Name as it appears on the ballot: Venita Peyton

Date of birth: 7/14/1956

Campaign website:

Occupation & employer: Real Estate Broker, Insurance Broker, Greater Raleigh Real Estate, Inc.


Do you have a Facebook page? Personal

Do you have a Twitter account? @venitapeyton

1. What do you see as the most important issues facing Raleigh? If elected, what are your top three priorities in addressing those issues?

Lack of transparency and greater separation between income levels.

My top three priorities are to examine how the ‘new’ City Manager will have been selected and, (if majority agrees), re-opening the hiring process. 2) Examine the Dorothea Dix lease and identify stakeholders who agree that the original intent must precede any changes. 3) Examine the state of Raleigh’s unemployed and underemployed and identify methods to lessen their crisis.

2. What in your record as a public official or other experience demonstrates your ability to be effective on the issues you’ve identified? Please be as specific as possible in relating past accomplishments to current goals.

As a former city employee, graduate school intern and contractor and real estate broker, I have worked with local officials in how government serves the public good.

As the recipient of the Patricia Roberts Harris fellowship at North Carolina State University from 1992-1994, I worked under the supervision of Mayor Gerald Holleman in Holly Springs. One of my responsibilities was setting up four community groups (which included education, chamber of commerce and parks). From those groups came working relationships that has resulted in new schools and many, many new businesses. With Progress Energy’s economic development staff, I helped to create the town’s profile for business use.

As a former chair of the East Raleigh Citizens Advisory Council, the residents always enjoyed active, lively discussions on community involvement. Likely, our most contentious involvement required a united relationship with the City police, ALE and ordinary citizens to close Variety Pic-Up, a convenience store that logged over 400 complaints annually.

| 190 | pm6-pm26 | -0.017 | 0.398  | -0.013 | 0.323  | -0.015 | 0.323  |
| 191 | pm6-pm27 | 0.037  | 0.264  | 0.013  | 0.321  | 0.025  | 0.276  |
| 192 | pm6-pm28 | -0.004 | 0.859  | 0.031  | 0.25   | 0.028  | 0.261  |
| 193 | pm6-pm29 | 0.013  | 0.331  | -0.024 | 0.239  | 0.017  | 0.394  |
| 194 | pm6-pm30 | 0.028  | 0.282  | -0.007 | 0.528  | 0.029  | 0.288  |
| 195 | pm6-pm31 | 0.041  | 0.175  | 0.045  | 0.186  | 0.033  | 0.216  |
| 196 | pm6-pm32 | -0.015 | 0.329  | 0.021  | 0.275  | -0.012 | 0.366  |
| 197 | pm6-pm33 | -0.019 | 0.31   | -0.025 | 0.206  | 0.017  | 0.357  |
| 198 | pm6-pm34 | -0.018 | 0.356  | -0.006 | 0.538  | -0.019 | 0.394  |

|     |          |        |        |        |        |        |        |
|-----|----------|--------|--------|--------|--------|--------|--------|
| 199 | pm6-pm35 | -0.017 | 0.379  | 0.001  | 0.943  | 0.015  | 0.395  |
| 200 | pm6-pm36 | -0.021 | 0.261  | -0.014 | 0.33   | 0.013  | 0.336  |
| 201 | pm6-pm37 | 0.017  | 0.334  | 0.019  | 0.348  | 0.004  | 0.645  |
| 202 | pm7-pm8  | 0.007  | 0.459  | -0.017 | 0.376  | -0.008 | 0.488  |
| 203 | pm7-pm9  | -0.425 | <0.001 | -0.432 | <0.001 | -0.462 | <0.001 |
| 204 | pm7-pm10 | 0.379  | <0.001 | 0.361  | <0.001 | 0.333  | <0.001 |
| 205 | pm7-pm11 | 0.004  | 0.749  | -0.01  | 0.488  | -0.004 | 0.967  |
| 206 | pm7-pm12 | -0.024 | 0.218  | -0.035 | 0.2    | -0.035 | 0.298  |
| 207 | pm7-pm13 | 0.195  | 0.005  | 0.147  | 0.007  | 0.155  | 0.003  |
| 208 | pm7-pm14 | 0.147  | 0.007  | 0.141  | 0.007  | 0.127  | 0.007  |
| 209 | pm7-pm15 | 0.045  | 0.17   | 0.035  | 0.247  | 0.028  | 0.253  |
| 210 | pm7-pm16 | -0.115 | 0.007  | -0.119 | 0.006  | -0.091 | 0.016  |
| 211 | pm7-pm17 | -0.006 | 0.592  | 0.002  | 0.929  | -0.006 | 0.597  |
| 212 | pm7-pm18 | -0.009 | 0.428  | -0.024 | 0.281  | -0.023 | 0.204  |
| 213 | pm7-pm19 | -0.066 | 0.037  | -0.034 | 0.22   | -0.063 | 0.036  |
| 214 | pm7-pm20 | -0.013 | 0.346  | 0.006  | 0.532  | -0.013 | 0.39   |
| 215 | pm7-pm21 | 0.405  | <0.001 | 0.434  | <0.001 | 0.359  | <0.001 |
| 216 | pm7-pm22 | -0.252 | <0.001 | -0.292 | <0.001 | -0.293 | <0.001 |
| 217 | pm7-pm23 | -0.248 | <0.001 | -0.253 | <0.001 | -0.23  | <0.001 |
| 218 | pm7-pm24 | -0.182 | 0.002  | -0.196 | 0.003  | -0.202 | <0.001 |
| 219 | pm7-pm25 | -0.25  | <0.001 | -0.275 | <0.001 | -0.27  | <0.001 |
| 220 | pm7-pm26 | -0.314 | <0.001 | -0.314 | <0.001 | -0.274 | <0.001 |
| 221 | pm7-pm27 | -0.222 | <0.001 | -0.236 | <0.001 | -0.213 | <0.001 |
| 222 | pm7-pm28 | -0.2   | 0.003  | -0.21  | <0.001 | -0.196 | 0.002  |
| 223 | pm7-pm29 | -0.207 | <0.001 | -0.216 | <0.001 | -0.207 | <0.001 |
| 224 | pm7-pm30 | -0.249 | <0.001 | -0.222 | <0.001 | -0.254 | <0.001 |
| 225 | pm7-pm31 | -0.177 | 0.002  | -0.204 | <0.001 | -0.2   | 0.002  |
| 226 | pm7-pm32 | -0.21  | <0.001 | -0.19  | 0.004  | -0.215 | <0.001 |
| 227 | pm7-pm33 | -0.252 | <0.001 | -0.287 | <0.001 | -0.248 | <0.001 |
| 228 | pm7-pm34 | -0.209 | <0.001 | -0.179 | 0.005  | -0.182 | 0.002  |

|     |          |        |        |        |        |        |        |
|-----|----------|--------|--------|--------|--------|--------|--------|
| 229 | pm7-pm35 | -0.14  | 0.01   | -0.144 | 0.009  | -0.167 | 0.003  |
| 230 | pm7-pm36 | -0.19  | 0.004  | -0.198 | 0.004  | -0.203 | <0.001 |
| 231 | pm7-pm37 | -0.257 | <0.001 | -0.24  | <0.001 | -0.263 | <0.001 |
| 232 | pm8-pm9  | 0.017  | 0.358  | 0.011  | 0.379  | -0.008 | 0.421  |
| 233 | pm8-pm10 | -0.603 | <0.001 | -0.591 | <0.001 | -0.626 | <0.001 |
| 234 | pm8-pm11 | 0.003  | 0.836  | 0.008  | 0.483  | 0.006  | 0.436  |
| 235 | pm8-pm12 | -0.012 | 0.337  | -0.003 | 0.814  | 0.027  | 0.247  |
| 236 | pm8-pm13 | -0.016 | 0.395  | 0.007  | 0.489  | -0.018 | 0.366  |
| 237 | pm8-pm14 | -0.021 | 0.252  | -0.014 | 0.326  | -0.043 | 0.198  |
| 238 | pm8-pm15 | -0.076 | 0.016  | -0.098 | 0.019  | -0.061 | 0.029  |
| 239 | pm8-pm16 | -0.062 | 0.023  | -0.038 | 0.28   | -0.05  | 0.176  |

3. Indy Week’s mission is to help build a just community in the Triangle and North Carolina. Please point to a specific position in your platform that would, if achieved, help further that goal.

The Mayor’s ten minute State of the City apparently failed to raise significant concerns about the needs of the indigent, homeless, unemployed and underemployed. Our elected officials may be largely ignorant of the limited availability of rental properties for low income residents (when compared to the long waiting list), the number of homeless (especially children)and the number of families living in motels, so we’re inclined to believe that they are virtually nonexistent. This indicates that we should rotate the persons serving on committees like Planning and Housing Authority so that new and fresher approaches to problem solving can be achieved.

4. Identify and explain one principled stand you would be willing to take if elected that you suspect might cost you some popularity points with voters.

Re-opening the City Manager search. The current secretive methods so far have cost the City $225,000, but may cause more damage if it turns out to be an inside job. No amount of money can restore employee morale or taxpayer confidence if the process was tainted.

5. If these issues haven’t been addressed above, would you please comment on: